Accelerating Pathology Image Data Cross Comparison on CPU/GPU Hybrid Systems, K. Wang, Y. Huai, R. Lee, F. Wang, X. Zhang, and Joel H. Saltz.  accepted to the 38th International Conference on Very Large Databases (VLDB 2012), Istanbul, Turkey, August 27 - 31.

High-throughput Analysis of Large Microscopy Image Datasets on CPU-GPU Cluster Platforms, G Teodoro, T Pan, T Kurc, J Kong, L Cooper, N Podhorszki, S Klasky, and J Saltz.  27th IEEE International Parallel & Distributed Processing Symposium (IPDPS), Boston, USA, accepted for publication, 2013. 

Feature-based Analysis of Large-scale Spatio-Temporal Sensor Data on Hybrid Architectures, J Saltz, G Teodoro, T Pan, L Cooper, J Kong, S Klasky, T Kurc. International Journal of High Performance Computing, in press, 2013. 

Enabling ontology based semantic queries in biomedical database systems, S Zheng, F Wang, J Lu, J Saltz.  Proceedings of the 21st ACM international conference on Information and knowledge management, pp. 2651-2654, 2012. 

The Tumor Microenvironment Strongly Impacts Master Transcriptional Regulators and Gene Expression Class of Glioblastoma, Lee A.D. Cooper, David A. Gutman, Candace Chisolm, Christina Appin,Jun Kong, Yuan Rong, Tahsin Kurc, Erwin G. Van Meir, Joel H. Saltz, Carlos S. Moreno,and Daniel J. Brat, American Journal of Pathology, Vol. 180, No. 5, pp 2108-2119,   DOI: 10.1016/j.ajpath.2012.01.040 (See related Commentary on page 1768)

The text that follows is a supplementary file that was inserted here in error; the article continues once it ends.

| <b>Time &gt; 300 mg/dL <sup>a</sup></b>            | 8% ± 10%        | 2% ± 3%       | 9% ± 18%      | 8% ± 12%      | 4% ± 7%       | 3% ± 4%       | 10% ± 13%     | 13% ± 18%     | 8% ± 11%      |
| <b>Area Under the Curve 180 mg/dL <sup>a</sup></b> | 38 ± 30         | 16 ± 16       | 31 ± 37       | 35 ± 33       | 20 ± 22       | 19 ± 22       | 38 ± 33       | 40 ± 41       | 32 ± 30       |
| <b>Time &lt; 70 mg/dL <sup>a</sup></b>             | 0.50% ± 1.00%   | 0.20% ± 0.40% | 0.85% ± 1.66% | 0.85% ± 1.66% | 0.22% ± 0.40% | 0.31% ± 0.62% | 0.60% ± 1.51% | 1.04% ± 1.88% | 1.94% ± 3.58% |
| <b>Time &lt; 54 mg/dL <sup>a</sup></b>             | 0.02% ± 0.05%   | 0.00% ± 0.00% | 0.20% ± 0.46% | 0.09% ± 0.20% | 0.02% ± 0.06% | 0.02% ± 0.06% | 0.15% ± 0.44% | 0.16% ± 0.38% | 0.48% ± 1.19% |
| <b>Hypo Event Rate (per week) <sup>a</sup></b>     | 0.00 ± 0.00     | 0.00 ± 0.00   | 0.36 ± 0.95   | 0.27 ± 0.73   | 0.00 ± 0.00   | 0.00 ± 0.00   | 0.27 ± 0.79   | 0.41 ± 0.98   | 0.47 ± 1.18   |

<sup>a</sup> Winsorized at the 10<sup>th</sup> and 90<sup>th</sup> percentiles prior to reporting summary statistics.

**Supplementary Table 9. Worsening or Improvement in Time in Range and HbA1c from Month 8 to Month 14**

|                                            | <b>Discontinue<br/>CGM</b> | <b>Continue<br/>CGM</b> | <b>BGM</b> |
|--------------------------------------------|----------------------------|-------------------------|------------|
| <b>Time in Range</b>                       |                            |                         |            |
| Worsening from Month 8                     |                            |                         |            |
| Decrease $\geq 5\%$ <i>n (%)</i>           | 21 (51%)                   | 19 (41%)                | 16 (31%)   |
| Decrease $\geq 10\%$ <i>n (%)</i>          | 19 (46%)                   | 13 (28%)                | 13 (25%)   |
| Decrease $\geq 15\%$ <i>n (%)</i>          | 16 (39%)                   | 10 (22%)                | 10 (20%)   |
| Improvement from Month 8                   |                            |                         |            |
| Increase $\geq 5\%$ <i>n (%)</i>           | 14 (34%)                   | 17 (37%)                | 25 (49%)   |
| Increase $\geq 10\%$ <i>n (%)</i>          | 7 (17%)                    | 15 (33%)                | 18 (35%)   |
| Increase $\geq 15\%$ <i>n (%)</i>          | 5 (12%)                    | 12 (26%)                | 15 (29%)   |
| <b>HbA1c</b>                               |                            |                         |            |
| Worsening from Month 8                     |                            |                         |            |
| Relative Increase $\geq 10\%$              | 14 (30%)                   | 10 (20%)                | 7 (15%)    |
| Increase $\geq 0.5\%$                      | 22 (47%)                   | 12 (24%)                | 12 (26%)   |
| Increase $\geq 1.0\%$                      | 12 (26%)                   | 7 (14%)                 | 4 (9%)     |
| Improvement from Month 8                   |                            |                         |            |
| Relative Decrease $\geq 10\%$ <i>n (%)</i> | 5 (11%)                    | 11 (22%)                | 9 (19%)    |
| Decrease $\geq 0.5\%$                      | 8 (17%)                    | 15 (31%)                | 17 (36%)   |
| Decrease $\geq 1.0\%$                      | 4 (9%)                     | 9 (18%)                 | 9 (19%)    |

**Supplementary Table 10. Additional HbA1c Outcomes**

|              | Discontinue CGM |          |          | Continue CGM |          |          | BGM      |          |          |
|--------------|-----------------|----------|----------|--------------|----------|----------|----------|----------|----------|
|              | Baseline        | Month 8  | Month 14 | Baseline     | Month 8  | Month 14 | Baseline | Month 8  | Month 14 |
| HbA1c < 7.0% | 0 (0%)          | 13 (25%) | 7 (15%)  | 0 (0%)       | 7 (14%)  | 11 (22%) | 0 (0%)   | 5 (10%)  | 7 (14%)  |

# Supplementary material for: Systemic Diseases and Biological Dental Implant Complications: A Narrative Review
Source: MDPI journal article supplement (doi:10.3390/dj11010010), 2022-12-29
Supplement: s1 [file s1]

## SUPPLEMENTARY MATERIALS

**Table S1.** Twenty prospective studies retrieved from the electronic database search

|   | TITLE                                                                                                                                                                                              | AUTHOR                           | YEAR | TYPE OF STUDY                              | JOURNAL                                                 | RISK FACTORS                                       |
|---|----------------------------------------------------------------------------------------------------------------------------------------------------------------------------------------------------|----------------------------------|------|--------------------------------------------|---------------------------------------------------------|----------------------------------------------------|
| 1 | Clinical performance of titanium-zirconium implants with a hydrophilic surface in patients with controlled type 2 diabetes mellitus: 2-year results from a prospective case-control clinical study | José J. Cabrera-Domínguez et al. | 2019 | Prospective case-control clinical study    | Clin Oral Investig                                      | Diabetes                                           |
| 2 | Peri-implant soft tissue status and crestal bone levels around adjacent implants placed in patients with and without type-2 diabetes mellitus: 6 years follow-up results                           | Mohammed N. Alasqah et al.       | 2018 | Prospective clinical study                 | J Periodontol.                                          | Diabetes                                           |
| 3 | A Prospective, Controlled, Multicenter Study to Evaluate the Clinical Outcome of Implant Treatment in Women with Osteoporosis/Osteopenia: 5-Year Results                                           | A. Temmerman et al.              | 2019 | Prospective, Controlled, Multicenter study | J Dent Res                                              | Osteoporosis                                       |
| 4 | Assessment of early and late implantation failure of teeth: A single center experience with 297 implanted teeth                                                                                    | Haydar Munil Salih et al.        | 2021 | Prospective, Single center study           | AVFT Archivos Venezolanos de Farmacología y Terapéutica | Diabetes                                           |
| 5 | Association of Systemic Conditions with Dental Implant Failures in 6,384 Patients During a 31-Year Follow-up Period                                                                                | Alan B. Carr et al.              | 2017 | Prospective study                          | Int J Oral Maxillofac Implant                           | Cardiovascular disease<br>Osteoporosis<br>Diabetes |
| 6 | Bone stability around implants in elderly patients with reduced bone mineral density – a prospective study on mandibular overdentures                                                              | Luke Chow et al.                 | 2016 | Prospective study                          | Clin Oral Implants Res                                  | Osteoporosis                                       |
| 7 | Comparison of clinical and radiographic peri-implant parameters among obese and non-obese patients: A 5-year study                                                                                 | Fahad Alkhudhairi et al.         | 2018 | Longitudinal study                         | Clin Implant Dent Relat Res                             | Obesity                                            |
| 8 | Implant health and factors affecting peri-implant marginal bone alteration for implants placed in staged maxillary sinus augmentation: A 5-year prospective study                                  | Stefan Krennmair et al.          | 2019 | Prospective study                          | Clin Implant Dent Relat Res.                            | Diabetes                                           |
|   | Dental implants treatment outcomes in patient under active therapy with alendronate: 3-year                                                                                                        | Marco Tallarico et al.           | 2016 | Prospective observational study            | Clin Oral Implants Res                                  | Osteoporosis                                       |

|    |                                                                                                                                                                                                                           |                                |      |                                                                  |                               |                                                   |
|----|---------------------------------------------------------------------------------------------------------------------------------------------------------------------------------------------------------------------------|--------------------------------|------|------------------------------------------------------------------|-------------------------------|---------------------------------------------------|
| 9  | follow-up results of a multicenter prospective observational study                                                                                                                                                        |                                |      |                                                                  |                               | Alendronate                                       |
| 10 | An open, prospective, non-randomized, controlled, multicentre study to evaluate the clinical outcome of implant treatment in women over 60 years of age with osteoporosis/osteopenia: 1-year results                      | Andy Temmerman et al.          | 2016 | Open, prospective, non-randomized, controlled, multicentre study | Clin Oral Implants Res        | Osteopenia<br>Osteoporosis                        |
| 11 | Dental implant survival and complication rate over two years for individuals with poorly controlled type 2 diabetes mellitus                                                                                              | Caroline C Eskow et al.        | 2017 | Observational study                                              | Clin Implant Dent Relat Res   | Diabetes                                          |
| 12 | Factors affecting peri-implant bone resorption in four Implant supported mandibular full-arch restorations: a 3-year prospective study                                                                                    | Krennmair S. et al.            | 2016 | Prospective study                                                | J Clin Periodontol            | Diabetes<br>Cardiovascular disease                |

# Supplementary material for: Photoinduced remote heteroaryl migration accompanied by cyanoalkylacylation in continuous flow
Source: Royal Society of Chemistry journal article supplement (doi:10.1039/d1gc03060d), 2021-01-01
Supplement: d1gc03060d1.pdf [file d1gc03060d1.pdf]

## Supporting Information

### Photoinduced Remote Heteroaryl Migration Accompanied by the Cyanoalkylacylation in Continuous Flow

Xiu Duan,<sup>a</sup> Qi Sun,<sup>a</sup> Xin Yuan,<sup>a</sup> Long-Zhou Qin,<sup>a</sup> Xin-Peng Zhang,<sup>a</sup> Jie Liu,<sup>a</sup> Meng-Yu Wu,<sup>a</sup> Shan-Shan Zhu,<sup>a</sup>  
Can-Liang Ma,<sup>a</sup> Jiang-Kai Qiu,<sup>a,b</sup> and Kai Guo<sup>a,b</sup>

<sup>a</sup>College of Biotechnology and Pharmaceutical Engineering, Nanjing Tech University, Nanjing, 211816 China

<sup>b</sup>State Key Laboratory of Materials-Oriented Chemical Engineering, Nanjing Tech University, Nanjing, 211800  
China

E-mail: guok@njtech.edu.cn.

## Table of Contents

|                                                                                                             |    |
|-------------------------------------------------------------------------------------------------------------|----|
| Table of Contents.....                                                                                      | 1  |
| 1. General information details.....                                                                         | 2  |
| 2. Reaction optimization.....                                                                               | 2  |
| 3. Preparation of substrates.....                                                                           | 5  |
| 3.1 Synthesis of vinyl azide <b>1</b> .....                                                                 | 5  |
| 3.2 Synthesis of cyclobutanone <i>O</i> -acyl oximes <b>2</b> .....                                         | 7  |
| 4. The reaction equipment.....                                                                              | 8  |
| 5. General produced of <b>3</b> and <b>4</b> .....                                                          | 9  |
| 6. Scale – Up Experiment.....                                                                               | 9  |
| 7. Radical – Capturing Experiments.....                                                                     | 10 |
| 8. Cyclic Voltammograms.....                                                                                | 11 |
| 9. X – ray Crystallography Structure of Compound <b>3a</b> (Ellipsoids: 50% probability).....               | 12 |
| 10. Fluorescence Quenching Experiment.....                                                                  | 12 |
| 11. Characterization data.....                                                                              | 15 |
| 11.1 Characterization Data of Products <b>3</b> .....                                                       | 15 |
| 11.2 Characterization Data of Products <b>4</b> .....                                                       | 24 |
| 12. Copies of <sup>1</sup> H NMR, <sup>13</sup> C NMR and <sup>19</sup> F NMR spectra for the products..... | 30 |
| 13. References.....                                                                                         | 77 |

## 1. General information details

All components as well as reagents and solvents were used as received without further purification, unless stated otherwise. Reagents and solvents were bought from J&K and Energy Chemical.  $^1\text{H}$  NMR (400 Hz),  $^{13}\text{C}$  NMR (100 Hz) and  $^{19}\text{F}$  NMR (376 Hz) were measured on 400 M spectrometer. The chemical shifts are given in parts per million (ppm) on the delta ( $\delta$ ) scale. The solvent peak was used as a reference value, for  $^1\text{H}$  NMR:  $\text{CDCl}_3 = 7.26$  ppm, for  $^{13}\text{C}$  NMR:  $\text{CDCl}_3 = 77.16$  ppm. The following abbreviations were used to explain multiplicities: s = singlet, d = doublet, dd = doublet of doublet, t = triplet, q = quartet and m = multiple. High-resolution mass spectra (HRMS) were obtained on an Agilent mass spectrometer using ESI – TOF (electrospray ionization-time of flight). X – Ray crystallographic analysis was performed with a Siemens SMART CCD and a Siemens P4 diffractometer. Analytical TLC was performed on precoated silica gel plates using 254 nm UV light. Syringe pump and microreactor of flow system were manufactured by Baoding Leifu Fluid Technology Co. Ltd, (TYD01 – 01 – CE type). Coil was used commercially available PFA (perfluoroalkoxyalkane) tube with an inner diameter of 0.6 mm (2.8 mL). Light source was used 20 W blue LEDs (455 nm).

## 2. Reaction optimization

Integrated morphologic analysis for the identification and characterization of disease subtypes, Lee A D Cooper, Jun Kong, David A Gutman, Fusheng Wang, Jingjing Gao, Christina Appin, Sharath Cholleti,Tony Pan, Ashish Sharma, Lisa Scarpace, Tom Mikkelsen, Tahsin Kurc, Carlos S Moreno, Daniel J Brat, Joel H Saltz, J Am Med Inform Assoc 19(2), 317-323, 2012. doi:10.1136/amiajnl-2011-000700

A proprotein convertase/MMP-14 proteolytic cascade releases a novel 40 kDa vasculostatin from tumor suppressor BAI1, SM Cork, B Kaur, NS Devi, L Cooper, JH Saltz, EM Sandberg, S Kaluz, and EG Van Meir,  Oncogene, pp. 1-9, 2012.

A Data Model and Database for High-resolution Pathology Analytical Image Informatics Fusheng Wang, Jun Kong, Lee Cooper, Tony Pan, Tahsin Kurc, Wenjin Chen, Ashish Sharma, Cristobal Niedermayr, Tae W. Oh, Daniel Brat, Alton B. Farris, David Foran, Joel Saltz, Journal of Pathology Informatics, Vol. 2, Issue 1, pp. 32-40, 2011.

Posters and Abstracts:

MR Imaging Predictors of Molecular Profile and Survival: Multi-institutional Study of the TCGA Glioblastoma Data Set, D Gutman, L Cooper, S Hwang, C Holder, J Gao, T Aurora, et al.. Radiology, Radiological Society of North America, 2013. 

Machine-Based Classification of Oligodendroglioma component in Glioblastoma using large-scale microscopic analysis uncovers Oligodendroglial molecular signatures, Jun Kong, et .al..  Presented at The Cancer Genome Atlas' 2nd Annual Scientific Symposium: Enabling Cancer Research Through TCGA, 2012

Machine-Based Classification of Oligodendroglioma component in Glioblastoma using large-scale microscopic analysis uncovers Oligodendroglial molecular signatures, David  Gutman, et al.. Presented at The Cancer Genome Atlas' 2nd Annual Scientific Symposium: Enabling Cancer Research Through TCGA, 2012

The Cancer Digital Slide Archive: An online resource for integrative TCGA pathology, David Gutman and  Lee Cooper. Presented at The Cancer Genome Atlas' 2nd Annual Scientific Symposium: Enabling Cancer Research Through TCGA, 2012

Tumor-Infiltrating Lymphocytes in Glioblastoma are associated with mutations in NF1, RB1, and TP53 and Enriched in the mesenchymal transcriptional class, Caleb Rutledge, et al... Presented at The Cancer Genome Atlas' 2nd Annual Scientific Symposium: Enabling Cancer Research Through TCGA, 2012